Inconvenient Citizens & Punishment By Process
There is now a clear pattern that reveals how the State proceeds against inconvenient citizens: Laws are manipulated or egregiously misinterpreted—as one judge in one of Zubair’s many legal battles for bail pointed out on 16 July—due process is not followed by the police or the courts, and when cases appear to have no legal basis, police make new allegations, add sections of law and file new cases with little or no evidence.
Like Mohammed, Zubair and the Adivasis, there are others—a tribal youth who was booked for stealing a car but did not know how to drive; a man without legs and forearms accused of throwing stones; and a journalist, Siddique Kappan, en route to report the rape and murder of a Dalit girl, picked up and incarcerated for 650 days (until this piece was published) on charges of sedition and the UAPA.
These cases shed light on the systemic flaws in India’s justice system and how those are frequently exploited by governments, both union and state, to incarcerate someone indefinitely, particularly when inconvenient to the State.
In March 2022, an Article 14 investigation had revealed how by using security laws, deploying surveillance technology and leveraging potent national-interest narratives, the government of Prime Minister Narendra Modi had targeted critics and eroded the rule of law in India, often in violation of the Constitution, using legal loopholes and grey area.
The Indian justice system is inherently faulty in that it starts punishment even before trial commences, with the most disadvantaged communities making up a disproportionate number of those in jail without a trial. Of nearly half a million prison inmates, 76% were undertrials, according to 2020 government data, the latest available: 20% of undertrials were Muslims and 73% were Adivasais, Dalits or other backward communities.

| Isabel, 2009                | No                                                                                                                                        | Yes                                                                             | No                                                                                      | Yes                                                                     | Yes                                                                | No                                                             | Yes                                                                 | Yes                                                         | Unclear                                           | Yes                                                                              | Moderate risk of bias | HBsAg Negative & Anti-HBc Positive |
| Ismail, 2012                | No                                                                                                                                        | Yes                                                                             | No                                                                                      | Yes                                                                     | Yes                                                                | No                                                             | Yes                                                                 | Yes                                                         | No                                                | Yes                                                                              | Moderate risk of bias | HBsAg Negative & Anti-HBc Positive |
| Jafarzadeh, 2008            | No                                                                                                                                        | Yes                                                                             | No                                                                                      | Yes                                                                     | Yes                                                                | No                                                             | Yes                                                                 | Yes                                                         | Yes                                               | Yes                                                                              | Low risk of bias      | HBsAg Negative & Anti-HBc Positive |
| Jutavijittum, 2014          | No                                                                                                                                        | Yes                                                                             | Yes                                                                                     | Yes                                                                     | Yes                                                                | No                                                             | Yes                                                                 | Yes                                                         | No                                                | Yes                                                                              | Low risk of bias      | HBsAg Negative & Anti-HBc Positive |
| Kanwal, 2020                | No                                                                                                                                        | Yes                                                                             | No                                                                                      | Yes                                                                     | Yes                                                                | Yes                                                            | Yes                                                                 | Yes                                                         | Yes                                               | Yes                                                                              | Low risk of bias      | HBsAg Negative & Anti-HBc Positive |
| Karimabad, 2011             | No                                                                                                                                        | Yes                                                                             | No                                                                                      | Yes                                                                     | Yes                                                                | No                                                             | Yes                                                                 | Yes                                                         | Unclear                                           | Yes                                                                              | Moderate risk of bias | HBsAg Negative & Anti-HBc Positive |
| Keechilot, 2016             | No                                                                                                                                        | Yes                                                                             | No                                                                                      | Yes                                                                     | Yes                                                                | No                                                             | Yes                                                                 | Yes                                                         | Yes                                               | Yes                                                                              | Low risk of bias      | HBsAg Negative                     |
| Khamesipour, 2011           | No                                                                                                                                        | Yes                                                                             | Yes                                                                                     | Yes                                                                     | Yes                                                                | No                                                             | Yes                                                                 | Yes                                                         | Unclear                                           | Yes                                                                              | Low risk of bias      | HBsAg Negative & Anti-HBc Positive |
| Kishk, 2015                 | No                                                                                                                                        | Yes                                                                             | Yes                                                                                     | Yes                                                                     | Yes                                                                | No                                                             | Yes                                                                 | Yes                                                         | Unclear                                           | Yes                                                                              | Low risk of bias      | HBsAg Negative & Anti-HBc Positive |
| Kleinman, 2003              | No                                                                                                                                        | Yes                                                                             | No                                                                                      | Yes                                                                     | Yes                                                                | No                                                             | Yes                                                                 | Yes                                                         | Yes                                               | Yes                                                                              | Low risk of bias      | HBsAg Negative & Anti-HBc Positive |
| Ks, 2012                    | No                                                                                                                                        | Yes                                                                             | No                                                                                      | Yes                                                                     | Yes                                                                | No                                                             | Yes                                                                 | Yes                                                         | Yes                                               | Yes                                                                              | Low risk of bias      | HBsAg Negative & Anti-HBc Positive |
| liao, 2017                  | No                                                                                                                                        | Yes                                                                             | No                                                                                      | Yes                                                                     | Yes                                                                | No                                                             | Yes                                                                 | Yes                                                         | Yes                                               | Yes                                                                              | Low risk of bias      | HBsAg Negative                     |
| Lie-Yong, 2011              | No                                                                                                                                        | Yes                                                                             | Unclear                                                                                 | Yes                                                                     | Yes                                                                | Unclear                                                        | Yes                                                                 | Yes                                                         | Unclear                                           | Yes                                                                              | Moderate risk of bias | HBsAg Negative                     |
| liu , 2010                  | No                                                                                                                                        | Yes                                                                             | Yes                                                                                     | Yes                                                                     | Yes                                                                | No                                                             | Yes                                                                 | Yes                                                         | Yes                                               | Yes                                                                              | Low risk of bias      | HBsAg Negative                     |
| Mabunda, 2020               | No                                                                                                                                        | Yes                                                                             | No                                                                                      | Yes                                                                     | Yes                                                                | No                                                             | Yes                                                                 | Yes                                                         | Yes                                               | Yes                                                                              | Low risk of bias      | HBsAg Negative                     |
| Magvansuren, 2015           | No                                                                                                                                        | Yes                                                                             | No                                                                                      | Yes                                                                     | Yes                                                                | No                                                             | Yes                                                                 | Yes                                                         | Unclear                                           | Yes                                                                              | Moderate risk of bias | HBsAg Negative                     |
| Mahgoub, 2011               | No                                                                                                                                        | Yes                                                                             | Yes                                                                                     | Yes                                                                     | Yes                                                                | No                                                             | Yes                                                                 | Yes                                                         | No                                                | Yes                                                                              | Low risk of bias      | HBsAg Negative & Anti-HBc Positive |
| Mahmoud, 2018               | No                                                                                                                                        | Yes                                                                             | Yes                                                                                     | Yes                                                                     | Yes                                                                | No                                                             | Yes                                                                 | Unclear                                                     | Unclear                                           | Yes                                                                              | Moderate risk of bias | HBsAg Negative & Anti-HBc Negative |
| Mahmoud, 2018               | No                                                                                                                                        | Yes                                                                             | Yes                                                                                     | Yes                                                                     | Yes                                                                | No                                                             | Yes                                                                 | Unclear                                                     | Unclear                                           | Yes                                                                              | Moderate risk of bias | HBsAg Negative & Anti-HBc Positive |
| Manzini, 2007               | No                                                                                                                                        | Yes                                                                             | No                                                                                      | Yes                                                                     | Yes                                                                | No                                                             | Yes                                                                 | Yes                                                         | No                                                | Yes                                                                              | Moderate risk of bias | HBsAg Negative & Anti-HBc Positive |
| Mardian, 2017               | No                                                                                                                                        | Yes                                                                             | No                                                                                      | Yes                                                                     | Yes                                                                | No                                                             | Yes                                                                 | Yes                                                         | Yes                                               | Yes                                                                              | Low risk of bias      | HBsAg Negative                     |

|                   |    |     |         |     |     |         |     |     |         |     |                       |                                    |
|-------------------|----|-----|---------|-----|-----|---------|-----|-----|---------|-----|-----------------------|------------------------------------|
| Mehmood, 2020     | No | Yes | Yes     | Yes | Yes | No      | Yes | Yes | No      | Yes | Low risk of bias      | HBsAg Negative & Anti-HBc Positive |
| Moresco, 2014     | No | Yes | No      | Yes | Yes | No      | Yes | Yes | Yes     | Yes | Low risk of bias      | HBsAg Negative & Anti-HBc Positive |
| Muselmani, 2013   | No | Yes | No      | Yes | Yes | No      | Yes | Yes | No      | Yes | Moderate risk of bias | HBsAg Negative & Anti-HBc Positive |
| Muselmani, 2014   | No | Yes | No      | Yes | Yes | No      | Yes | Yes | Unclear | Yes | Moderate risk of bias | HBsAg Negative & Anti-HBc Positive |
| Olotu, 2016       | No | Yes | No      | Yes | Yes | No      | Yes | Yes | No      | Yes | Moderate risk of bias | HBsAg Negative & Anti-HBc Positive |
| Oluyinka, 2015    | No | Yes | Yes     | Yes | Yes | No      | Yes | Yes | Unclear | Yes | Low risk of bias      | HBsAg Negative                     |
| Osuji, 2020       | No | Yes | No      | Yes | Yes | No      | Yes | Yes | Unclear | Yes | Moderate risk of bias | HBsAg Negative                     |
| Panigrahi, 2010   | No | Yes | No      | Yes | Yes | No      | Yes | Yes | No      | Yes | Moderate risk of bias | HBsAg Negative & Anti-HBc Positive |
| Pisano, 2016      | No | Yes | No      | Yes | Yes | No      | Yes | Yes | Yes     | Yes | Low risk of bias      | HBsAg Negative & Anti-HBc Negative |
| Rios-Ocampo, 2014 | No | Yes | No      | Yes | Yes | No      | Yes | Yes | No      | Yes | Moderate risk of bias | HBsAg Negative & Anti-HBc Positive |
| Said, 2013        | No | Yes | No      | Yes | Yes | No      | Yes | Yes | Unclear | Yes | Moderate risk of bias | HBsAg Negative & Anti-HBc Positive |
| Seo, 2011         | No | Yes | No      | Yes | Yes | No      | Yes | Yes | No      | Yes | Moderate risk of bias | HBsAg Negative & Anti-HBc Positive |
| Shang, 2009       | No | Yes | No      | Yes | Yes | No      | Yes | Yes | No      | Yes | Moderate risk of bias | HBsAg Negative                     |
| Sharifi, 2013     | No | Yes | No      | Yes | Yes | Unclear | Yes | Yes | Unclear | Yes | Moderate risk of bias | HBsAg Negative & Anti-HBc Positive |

In both Mohammed and Zubair’s case, trial has not begun and ‘investigation’ is still underway. Yet, Mohammed now has no home, and Zubair, a man in the business of fact-checking, was told not to tweet by a judge who granted bail in one of cases against him.
Such State misuse of the legal process has wider consequences. As a direct result of the demolition of Mohammed’s home, for instance, many people in his locality reportedly vacated houses and shops out of fear that those, too, may be demolished. In Zubair’s case, the personal information of his journalistic sources and donors has been compromised, and a chilling effect on the larger journalistic community is likely.
In the case of Mohammed, the crafting of a narrative began with a vague political threat, rapidly followed by official, legal action that appeared to have little basis in law and did not allow due process.
On 11 June 2022, the day Mohammed was arrested, Mrityunjay Kumar, media advisor to chief minister Yogi Adityanath, tweeted “Remember, every Friday is followed by a Saturday,” alongwith a photo of a bulldozer demolishing a building.
That day, a notice addressed to Mohammed was pasted outside his home, claiming the building was constructed in violation of the Uttar Pradesh Urban Planning and Development Act, 1973. According to Mohammed’s family, it was the first and only time this was brought to their knowledge.
In less than 24 hours, on 12 June 2022, a Sunday, the Prayagraj Development Authority (PDA) accompanied by scores of policemen and three bulldozers, demolished Mohammed’s home for “illegal encroachment”.
It took nearly five hours, from uprooting his gate to reducing the family’s home to rubble, an act aired on national television.
“Even if you assume for a moment that the construction was illegal, which by the way crores of Indians live, it is impermissible that you demolish a house on a Sunday when the residents are in custody,” former chief justice of Allahabad High Court, J Govind Mathur, told the Indian Express on 13 June.